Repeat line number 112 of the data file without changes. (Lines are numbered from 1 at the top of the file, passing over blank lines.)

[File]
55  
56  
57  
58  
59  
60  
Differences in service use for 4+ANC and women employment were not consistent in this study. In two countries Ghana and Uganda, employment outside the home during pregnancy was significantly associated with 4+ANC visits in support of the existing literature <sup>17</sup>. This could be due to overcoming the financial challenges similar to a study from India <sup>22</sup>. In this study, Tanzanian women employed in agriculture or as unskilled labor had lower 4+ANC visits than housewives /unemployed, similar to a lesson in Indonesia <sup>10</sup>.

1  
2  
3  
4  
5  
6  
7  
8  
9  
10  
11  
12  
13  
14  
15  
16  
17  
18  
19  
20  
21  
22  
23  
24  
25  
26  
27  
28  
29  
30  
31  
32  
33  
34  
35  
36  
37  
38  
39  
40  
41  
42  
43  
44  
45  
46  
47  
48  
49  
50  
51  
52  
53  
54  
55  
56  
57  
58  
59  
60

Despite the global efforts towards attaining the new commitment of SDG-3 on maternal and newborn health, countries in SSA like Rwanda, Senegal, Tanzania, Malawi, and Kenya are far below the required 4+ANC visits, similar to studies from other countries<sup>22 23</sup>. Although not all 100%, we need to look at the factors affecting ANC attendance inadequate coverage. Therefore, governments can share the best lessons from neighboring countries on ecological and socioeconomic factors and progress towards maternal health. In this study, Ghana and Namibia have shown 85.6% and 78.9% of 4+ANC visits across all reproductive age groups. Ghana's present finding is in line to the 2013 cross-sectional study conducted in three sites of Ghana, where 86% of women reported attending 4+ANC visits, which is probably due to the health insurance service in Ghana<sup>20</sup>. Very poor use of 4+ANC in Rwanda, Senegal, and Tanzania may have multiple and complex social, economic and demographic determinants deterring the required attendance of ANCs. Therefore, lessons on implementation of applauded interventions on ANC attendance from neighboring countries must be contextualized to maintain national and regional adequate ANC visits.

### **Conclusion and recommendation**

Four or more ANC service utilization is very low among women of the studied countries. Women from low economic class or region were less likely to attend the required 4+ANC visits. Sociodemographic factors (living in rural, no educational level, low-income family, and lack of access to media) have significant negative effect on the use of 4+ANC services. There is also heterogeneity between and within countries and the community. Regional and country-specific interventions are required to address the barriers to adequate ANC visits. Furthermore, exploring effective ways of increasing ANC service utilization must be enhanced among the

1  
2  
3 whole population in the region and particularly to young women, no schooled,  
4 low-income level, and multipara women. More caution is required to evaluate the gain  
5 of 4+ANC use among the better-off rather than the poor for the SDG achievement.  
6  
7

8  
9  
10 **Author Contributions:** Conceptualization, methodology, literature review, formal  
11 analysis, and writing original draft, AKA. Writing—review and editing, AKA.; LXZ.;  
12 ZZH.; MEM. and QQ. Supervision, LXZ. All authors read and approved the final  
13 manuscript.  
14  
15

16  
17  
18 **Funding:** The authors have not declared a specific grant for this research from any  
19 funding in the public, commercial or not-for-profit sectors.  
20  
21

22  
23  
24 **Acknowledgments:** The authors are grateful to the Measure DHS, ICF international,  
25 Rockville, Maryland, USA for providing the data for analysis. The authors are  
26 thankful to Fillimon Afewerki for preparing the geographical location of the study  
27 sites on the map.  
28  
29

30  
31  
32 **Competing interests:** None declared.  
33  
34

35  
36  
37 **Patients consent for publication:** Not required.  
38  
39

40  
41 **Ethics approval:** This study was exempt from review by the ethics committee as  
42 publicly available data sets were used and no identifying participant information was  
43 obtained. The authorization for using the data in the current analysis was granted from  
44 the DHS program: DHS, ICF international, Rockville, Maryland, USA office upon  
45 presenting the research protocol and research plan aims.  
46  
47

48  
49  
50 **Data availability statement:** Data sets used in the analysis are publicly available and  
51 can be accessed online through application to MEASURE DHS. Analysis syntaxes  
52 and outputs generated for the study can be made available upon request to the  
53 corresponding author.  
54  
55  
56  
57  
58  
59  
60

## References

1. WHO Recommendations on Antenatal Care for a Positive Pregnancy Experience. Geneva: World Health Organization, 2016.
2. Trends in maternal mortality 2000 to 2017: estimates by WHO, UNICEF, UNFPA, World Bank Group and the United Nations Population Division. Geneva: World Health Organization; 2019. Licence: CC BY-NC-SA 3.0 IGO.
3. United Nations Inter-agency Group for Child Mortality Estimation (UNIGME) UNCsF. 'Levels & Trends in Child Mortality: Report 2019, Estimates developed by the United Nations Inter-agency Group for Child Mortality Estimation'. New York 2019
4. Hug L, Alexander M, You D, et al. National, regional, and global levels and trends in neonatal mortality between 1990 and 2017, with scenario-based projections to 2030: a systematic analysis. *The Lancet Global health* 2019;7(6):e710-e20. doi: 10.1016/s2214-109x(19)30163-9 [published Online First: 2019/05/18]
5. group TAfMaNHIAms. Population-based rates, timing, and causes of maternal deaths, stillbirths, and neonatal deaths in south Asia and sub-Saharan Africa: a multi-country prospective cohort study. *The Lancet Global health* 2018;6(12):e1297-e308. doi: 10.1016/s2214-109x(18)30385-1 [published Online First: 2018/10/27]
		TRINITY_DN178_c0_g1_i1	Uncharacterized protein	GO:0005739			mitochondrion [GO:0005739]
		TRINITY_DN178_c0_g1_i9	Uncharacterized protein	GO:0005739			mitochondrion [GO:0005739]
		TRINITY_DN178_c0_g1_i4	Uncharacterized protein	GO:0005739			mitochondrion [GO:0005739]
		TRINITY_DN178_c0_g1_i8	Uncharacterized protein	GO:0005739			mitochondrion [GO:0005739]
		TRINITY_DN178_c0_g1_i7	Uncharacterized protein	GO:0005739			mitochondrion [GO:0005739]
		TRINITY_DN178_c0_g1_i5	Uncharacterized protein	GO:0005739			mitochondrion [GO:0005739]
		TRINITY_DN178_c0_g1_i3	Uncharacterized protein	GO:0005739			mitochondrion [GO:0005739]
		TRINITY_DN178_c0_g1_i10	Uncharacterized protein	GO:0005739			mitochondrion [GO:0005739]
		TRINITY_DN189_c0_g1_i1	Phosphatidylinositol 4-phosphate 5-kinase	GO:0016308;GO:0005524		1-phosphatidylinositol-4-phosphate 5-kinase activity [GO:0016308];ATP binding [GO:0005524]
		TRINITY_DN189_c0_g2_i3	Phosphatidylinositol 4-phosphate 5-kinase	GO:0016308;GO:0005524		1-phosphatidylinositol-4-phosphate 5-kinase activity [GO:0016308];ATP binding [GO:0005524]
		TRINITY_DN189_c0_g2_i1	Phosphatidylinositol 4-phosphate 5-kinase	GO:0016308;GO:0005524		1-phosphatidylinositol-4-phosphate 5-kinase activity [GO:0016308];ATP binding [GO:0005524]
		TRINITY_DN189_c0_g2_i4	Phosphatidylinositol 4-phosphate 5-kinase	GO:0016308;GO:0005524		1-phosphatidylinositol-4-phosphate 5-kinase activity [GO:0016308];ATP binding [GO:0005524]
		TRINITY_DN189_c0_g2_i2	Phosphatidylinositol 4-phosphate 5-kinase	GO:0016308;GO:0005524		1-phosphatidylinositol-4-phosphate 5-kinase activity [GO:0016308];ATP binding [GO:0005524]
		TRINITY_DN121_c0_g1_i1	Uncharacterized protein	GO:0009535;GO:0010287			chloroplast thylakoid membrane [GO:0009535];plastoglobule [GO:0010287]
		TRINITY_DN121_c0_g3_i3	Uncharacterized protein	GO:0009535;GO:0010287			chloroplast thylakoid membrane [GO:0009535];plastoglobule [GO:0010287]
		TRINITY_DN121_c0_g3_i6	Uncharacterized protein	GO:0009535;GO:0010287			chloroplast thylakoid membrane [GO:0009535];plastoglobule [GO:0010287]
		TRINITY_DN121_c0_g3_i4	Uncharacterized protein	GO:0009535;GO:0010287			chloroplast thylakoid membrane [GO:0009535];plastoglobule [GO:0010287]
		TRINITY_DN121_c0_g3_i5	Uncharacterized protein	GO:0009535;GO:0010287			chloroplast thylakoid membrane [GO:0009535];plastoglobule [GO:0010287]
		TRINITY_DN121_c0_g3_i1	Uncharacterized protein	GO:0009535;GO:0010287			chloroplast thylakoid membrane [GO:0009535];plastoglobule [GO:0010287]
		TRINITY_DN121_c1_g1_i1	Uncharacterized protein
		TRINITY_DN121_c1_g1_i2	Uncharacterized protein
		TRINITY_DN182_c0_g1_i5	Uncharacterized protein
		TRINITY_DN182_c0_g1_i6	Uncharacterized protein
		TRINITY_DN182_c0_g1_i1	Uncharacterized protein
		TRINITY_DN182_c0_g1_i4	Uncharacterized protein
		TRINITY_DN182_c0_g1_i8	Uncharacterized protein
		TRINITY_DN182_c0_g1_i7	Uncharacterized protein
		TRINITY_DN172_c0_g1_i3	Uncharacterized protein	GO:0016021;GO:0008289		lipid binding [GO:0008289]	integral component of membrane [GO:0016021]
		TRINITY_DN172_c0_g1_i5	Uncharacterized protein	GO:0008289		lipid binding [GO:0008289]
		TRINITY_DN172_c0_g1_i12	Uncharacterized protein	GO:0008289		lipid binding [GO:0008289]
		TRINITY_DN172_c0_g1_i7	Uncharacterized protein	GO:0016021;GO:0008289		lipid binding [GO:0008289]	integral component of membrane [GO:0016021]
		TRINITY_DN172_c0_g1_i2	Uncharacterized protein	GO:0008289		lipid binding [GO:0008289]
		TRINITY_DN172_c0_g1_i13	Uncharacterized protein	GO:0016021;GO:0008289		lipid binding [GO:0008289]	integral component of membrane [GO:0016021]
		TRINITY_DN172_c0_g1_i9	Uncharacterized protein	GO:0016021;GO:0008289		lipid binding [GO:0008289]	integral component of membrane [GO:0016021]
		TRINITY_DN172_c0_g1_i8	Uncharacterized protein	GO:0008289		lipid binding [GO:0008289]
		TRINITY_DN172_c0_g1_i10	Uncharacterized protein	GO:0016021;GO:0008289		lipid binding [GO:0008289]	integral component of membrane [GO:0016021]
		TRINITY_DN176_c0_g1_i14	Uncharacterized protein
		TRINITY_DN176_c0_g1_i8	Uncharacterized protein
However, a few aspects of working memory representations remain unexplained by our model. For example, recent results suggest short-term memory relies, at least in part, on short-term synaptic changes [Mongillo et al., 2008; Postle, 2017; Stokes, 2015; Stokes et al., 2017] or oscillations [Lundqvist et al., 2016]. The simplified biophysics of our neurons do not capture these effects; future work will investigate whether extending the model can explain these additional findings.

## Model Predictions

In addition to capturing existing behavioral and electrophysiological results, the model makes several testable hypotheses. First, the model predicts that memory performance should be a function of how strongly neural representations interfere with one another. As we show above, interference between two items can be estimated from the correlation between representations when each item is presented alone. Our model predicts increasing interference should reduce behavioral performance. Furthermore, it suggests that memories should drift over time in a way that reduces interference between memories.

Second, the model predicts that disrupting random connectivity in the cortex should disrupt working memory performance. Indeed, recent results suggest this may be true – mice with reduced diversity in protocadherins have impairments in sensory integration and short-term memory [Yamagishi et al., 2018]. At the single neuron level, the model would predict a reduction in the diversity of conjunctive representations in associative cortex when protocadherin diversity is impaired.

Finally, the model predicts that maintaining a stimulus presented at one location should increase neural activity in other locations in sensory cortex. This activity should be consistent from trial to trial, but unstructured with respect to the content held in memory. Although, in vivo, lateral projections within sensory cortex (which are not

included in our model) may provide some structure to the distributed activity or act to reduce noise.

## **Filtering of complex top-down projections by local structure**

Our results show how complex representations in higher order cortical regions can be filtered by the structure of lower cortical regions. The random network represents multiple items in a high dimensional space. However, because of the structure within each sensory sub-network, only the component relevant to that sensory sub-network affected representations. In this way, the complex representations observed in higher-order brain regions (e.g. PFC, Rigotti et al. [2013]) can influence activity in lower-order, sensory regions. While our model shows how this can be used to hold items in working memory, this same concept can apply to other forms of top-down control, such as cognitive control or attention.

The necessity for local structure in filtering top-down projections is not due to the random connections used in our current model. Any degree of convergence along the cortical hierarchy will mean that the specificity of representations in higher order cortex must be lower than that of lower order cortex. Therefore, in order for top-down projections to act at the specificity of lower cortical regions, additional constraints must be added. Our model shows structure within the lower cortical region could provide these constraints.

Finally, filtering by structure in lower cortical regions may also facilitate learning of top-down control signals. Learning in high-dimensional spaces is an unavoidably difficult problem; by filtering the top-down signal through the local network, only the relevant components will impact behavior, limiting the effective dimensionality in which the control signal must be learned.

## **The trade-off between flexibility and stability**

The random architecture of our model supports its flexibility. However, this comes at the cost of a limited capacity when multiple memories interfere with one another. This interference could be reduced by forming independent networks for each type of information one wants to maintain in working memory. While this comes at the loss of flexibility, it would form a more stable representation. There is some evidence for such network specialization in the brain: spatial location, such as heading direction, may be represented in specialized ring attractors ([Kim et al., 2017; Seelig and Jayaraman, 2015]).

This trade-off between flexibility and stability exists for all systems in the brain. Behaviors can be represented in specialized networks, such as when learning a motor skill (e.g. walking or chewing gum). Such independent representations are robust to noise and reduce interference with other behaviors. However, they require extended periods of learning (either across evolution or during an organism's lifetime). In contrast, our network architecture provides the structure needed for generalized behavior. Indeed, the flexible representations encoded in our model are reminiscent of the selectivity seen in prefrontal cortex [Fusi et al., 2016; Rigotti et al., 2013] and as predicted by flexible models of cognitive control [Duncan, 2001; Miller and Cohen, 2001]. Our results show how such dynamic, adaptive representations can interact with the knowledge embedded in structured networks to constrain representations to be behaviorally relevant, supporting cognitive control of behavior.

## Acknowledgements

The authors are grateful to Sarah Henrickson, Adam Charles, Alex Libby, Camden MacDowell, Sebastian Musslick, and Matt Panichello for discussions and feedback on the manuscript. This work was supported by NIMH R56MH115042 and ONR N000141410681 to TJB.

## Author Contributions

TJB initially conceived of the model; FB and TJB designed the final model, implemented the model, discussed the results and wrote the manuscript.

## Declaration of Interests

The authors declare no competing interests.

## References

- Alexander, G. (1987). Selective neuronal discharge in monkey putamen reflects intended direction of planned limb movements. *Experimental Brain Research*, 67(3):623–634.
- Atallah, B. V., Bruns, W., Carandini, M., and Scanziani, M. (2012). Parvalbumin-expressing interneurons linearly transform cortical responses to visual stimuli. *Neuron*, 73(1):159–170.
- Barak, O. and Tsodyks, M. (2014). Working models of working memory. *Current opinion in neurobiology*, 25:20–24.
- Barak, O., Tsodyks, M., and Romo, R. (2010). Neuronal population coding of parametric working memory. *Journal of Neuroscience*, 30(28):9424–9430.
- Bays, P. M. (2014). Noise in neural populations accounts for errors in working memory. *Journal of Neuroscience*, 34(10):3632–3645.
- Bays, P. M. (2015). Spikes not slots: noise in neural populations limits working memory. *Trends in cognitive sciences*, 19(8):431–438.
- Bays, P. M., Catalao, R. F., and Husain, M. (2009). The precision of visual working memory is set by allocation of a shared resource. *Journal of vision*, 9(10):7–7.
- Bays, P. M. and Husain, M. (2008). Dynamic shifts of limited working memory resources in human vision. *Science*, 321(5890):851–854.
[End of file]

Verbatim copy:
42 publicly available data sets were used and no identifying participant information was  